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Red Sox honor organization's best with Minor League Awards

Posted by Craig Forde  September 22, 2012 02:49 PM

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Prior to Saturday’s Red Sox-Orioles game at Fenway Park, the organization handed out its annual Minor League Awards, with seven players being honored for their contributions in the system this year.

Brandon Workman, a 2010 second round selection, picked up Pitcher of the Year honors following a 10-8 season with a 3.50 ERA between High-A Salem and Double-A Portland.

“Mt first year I was kind of getting tired by the end of the year,” said Workman, a 6’4” right-hander from Texas. “Going into last offseason I knew I needed to be in better shape and be stronger so I could hold up to the increased innings. It’s something I’m going to have to continue to do every offseason.”

Workman pitched 138 2/3 innings this year, fourth most in the organization and had 130 strikeouts, tied for second most.

Shortstop Xander Bogaerts was named the Offensive Player of the Year after batting .307 in 127 games between Salem and Portland, including a .326 mark in 23 games with the Sea Dogs.

“I feel I’m pretty good right now after the good season that I had,” said the 19-year-old Bogaerts. “I just enjoyed it very much. It was also a learning experience for me, going through struggles and going through slumps. But it’s all a part of baseball. You have to know how to challenge it.”

Bogaerts was second in the organization in hits (145) and home runs (20), third in RBIs (81) and fourth in doubles (37).

Rated by many as the top prospect in the organization, Bogaerts was a Carolina League All-Star and represented the World Team at the All-Star Futures Game in Kansas City.

“The mental part of it is pretty hard,” said Bogaerts, who says that he may play for the Netherlands in the World Baseball Classic scheduled for March of 2013. “You can be physically good, but you need to be strong mentally. You got to keep focused and keep doing the best you can.”

The Defensive Player of the Year award went to outfielder Jackie Bradley Jr. , another player who took the Salem-Portland route this season.

In 115 games, 114 of which were played in center field, Bradley committed only seven errors in 260 chances, giving him a .973 fielding percentage.

“My only expectations were to stay healthy and play as hard as I can,” said Bradley of his goals coming into the season. “I think it was a pretty decent season. I’ll try to reap the benefits later.”

Bradley, who also hit .315 with 55 extra-base hits, could be a factor at Fenway in the near future, and it’s something he is okay with.

“I like that plan,” said Bradley on getting to Boston sooner rather than later. “It’s always good hearing that, but I’m going to continue to work hard. I feel like I got a long ways to go and I want to get better every day.”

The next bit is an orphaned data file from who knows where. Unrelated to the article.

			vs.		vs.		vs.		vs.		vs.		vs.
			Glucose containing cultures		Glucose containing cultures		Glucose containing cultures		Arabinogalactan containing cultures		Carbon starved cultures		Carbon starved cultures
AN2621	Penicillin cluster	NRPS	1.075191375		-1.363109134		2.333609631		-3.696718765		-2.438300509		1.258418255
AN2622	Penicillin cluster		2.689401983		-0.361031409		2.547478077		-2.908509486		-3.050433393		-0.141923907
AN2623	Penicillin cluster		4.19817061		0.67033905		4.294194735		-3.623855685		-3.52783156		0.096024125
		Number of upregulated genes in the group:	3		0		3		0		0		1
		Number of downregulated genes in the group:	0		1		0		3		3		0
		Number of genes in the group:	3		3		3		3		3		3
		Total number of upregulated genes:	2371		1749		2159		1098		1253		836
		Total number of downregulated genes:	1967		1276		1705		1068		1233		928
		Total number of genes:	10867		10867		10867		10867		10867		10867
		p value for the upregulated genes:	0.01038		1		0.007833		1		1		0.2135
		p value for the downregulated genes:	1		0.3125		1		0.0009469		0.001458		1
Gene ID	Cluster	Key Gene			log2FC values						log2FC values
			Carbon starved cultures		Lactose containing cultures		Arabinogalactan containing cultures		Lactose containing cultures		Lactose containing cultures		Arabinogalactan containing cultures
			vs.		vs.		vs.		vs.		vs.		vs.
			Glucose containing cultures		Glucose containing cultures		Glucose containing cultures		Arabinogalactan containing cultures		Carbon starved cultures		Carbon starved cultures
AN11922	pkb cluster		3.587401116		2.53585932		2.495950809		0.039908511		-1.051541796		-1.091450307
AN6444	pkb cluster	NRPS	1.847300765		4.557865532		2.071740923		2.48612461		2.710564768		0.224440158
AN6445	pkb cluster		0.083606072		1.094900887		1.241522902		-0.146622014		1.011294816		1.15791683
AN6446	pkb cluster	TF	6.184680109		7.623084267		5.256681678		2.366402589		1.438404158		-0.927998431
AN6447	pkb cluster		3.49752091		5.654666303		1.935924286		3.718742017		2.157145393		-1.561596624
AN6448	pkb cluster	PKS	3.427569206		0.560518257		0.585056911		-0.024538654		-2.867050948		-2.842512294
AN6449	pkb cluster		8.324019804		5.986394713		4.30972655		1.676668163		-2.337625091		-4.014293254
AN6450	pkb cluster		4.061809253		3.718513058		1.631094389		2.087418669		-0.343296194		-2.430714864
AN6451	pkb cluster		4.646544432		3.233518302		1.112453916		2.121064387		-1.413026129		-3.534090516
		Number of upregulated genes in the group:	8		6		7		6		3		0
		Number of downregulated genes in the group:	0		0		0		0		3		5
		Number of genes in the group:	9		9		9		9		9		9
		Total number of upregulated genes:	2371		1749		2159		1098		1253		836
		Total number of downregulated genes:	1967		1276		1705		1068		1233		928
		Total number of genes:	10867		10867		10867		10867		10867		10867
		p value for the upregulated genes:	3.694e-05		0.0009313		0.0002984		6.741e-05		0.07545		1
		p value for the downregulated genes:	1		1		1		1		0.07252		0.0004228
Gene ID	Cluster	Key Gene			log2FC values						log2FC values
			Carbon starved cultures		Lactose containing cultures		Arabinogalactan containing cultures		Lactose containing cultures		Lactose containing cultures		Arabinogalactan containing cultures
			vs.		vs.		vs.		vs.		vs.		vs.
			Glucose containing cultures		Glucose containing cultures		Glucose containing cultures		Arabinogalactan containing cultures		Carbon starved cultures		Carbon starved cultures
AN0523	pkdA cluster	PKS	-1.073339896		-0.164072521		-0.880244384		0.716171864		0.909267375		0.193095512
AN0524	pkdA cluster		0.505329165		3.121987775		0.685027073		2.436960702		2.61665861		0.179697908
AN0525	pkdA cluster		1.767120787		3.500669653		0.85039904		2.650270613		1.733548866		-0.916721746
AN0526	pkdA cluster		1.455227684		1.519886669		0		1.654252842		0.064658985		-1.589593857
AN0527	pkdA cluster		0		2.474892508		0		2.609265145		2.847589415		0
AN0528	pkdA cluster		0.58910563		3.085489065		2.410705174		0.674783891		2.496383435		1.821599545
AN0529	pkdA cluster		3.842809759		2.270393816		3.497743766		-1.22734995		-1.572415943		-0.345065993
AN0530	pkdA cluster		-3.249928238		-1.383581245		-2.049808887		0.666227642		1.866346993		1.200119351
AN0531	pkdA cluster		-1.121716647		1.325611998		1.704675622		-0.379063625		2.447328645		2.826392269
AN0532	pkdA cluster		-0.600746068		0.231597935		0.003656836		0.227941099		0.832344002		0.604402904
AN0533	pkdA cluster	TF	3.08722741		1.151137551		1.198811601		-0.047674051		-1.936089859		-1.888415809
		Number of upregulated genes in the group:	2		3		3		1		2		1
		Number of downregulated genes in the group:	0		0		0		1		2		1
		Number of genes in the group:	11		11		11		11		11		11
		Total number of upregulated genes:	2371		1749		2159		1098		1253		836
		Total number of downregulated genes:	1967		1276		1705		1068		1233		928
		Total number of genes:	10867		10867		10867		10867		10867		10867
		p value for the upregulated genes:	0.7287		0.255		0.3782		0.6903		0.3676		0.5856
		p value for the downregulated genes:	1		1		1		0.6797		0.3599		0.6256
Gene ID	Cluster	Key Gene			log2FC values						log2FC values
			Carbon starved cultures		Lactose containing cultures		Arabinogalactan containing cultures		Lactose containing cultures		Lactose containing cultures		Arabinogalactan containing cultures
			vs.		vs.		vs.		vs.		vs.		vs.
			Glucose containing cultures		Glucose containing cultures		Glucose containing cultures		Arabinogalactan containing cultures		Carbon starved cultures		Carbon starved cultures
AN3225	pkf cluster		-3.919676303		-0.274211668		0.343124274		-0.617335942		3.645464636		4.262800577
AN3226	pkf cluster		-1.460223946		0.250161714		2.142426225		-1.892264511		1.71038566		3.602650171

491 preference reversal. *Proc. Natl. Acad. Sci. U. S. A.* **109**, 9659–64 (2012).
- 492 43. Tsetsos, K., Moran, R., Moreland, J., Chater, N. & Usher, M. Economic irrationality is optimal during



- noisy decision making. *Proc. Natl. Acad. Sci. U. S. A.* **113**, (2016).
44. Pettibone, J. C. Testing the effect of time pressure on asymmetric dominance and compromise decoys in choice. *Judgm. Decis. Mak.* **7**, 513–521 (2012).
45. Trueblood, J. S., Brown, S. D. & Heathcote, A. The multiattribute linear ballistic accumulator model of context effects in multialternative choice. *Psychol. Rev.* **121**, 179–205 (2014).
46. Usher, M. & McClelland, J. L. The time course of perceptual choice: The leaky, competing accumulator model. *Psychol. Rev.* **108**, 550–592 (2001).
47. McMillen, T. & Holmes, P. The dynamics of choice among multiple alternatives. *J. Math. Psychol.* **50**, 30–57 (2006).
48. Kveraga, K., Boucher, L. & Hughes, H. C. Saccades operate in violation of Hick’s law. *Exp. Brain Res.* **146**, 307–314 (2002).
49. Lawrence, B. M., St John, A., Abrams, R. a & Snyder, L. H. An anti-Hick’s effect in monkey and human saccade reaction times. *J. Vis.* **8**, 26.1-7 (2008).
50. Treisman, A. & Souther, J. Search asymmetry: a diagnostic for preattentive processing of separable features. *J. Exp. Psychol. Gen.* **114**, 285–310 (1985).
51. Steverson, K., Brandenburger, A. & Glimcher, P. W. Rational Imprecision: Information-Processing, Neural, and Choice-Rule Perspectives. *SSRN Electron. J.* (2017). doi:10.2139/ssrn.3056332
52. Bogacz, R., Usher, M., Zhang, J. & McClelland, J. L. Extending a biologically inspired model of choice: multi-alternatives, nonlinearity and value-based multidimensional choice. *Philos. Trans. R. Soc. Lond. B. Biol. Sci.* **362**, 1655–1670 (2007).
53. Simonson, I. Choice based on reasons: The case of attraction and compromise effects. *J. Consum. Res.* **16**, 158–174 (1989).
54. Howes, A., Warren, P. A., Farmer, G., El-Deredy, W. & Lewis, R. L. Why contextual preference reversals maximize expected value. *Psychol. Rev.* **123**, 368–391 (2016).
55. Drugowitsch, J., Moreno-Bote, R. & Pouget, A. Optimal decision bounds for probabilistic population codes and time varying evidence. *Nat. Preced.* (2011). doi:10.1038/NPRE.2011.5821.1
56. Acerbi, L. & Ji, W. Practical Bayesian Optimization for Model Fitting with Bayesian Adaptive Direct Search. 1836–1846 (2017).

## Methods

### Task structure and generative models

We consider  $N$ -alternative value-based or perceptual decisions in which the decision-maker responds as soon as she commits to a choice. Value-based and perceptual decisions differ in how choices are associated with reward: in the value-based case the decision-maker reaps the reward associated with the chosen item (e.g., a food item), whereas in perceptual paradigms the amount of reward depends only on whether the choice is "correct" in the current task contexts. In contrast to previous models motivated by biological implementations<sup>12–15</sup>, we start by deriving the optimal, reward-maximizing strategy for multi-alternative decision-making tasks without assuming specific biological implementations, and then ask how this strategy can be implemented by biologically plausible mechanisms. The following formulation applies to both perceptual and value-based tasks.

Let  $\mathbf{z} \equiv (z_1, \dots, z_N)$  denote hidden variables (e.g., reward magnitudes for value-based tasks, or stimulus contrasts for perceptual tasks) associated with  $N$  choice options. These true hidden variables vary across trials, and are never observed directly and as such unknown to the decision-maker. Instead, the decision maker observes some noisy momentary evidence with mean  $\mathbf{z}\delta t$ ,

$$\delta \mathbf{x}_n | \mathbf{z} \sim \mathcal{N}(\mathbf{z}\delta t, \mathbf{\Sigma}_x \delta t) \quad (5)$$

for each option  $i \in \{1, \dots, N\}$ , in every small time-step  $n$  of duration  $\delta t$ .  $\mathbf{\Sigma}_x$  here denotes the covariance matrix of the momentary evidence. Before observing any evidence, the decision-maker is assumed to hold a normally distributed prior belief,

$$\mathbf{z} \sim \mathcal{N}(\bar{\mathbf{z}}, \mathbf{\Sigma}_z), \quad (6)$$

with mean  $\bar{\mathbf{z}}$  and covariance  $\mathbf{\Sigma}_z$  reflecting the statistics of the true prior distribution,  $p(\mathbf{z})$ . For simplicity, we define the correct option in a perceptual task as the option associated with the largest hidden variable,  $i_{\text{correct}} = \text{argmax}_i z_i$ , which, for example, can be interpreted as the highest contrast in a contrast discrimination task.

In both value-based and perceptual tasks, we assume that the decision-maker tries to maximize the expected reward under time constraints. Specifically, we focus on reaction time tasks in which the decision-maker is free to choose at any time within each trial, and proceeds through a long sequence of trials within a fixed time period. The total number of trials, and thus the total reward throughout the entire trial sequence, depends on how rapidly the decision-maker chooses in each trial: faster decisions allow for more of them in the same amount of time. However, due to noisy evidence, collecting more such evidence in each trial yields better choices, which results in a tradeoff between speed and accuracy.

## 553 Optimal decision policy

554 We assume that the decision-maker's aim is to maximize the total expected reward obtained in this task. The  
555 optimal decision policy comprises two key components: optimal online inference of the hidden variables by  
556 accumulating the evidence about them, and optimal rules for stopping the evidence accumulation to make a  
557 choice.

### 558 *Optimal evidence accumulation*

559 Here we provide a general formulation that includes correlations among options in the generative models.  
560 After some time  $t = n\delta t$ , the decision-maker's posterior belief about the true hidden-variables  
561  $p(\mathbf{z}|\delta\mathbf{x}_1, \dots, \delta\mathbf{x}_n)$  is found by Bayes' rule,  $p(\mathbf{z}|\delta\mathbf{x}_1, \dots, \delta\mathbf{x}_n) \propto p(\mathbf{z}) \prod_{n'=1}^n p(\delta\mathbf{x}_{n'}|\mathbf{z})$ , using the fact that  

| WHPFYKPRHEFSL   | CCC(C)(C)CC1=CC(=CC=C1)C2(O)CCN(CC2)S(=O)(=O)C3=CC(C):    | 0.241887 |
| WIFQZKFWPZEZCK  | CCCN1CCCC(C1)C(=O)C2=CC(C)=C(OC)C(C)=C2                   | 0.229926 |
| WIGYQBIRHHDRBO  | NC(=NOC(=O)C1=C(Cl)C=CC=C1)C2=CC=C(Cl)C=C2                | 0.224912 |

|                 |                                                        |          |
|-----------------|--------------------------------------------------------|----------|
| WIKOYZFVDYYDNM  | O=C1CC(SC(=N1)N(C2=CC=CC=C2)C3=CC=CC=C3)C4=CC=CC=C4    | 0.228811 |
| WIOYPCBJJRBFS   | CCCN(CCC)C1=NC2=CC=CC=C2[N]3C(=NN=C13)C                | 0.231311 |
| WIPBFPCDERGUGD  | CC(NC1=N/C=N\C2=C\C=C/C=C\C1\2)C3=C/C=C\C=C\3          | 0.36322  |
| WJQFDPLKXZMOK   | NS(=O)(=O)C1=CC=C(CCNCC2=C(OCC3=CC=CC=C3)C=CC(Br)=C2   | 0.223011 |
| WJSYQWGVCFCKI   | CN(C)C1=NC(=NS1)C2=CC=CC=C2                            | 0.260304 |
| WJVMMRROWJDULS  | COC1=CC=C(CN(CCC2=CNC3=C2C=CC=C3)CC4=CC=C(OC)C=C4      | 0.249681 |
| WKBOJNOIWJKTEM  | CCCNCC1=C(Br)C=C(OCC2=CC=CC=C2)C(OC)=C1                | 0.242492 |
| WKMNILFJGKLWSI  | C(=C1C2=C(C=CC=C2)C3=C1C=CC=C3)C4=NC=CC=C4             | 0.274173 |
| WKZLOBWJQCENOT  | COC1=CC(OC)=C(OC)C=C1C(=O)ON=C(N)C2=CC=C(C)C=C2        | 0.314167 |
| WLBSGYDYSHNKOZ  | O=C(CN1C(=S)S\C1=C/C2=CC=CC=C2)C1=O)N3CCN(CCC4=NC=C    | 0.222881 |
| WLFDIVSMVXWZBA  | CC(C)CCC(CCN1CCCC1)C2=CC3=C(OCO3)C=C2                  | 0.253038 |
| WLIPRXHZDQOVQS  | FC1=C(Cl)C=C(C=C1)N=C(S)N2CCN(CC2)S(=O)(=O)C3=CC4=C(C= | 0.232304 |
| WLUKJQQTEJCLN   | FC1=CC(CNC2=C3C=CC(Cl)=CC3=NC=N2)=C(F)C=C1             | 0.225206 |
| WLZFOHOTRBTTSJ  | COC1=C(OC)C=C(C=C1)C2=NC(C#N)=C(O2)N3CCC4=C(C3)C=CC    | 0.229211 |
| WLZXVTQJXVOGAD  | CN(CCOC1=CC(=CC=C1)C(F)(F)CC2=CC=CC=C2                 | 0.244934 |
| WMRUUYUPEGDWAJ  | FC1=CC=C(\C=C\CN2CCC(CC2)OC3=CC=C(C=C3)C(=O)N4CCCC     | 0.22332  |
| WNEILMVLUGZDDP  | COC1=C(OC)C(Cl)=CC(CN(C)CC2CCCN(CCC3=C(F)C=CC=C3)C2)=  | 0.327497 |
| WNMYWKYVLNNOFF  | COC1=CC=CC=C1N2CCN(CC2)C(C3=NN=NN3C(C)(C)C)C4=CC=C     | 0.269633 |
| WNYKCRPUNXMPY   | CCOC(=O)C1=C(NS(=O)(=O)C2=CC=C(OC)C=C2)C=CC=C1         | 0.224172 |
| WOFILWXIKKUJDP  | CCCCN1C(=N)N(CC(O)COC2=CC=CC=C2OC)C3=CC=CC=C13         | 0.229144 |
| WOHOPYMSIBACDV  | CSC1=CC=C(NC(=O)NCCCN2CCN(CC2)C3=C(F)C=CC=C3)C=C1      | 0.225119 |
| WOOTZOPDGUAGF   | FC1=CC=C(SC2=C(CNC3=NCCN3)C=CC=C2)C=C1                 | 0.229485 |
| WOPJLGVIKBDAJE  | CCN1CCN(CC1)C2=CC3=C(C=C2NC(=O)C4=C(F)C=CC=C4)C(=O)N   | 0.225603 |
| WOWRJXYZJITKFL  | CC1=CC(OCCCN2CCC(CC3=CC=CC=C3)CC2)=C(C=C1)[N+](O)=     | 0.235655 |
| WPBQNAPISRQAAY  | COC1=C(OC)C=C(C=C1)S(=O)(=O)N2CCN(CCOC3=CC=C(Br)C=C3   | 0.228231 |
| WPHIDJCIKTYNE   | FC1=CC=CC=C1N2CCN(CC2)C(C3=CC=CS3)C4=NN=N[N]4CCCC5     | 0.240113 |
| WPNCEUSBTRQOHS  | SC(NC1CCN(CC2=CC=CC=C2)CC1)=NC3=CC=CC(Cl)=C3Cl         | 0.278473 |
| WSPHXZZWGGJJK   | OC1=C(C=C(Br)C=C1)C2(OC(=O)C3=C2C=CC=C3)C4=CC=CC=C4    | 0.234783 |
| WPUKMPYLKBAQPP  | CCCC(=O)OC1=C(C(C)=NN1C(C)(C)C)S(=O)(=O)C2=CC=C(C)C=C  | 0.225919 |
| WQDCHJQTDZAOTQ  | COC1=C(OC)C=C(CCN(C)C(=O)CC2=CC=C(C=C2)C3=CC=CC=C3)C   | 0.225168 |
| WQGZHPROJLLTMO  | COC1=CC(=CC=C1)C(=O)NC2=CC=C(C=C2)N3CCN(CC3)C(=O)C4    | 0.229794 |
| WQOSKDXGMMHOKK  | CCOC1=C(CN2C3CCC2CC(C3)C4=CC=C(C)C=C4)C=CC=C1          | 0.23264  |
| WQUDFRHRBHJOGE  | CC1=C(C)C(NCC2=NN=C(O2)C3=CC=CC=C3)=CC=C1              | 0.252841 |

Garin Cecchini, who spent his entire season with Low-A Greenville, was the Base Runner of the Year award recipient after swiping an organizational high 51 steals, having only been caught six times.

“I was at 49 the last game and I stole four times and got caught twice,” said Cecchini. “I was wanting to get [fifty]. It was one of the goals I set in my head but I didn’t say anything about it. Obviously I got there, so it’s good.”

Cecchini, who missed much of his first pro season with Lowell after being hit in the wrist by a pitch, was a South Atlantic League All-Star and hit .305 for the season with 46 extra-base hits, 62 RBIs and 84 runs scored.

“That was my main goal and that is the hardest thing to do is stay healthy,” said Cecchini who played in 118 games this season after playing in just 32 a year ago. “Sometimes injuries you just can help. The season is so long and staying healthy is the biggest key.”

Daniel Nava was honored with the Lou Gorman Award, which is bestowed upon a Red Sox minor leaguer “who has demonstrated dedication and perseverance in overcoming obstacles while working his way to the Major League team.”

Keivin Heras, an 18-year-old right hander, won the Minor League Latin Program Pitcher of the Year, while Dominican Summer League teammate Manuel Margot, a 17-year-old outfielder, picked up Minor League Latin Program Player of the Year honors.

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About the author

Craig Forde covers baseball talent as it develops into the next big thing. He has covered high school and college sports for the Boston Globe, and the minor league teams More »

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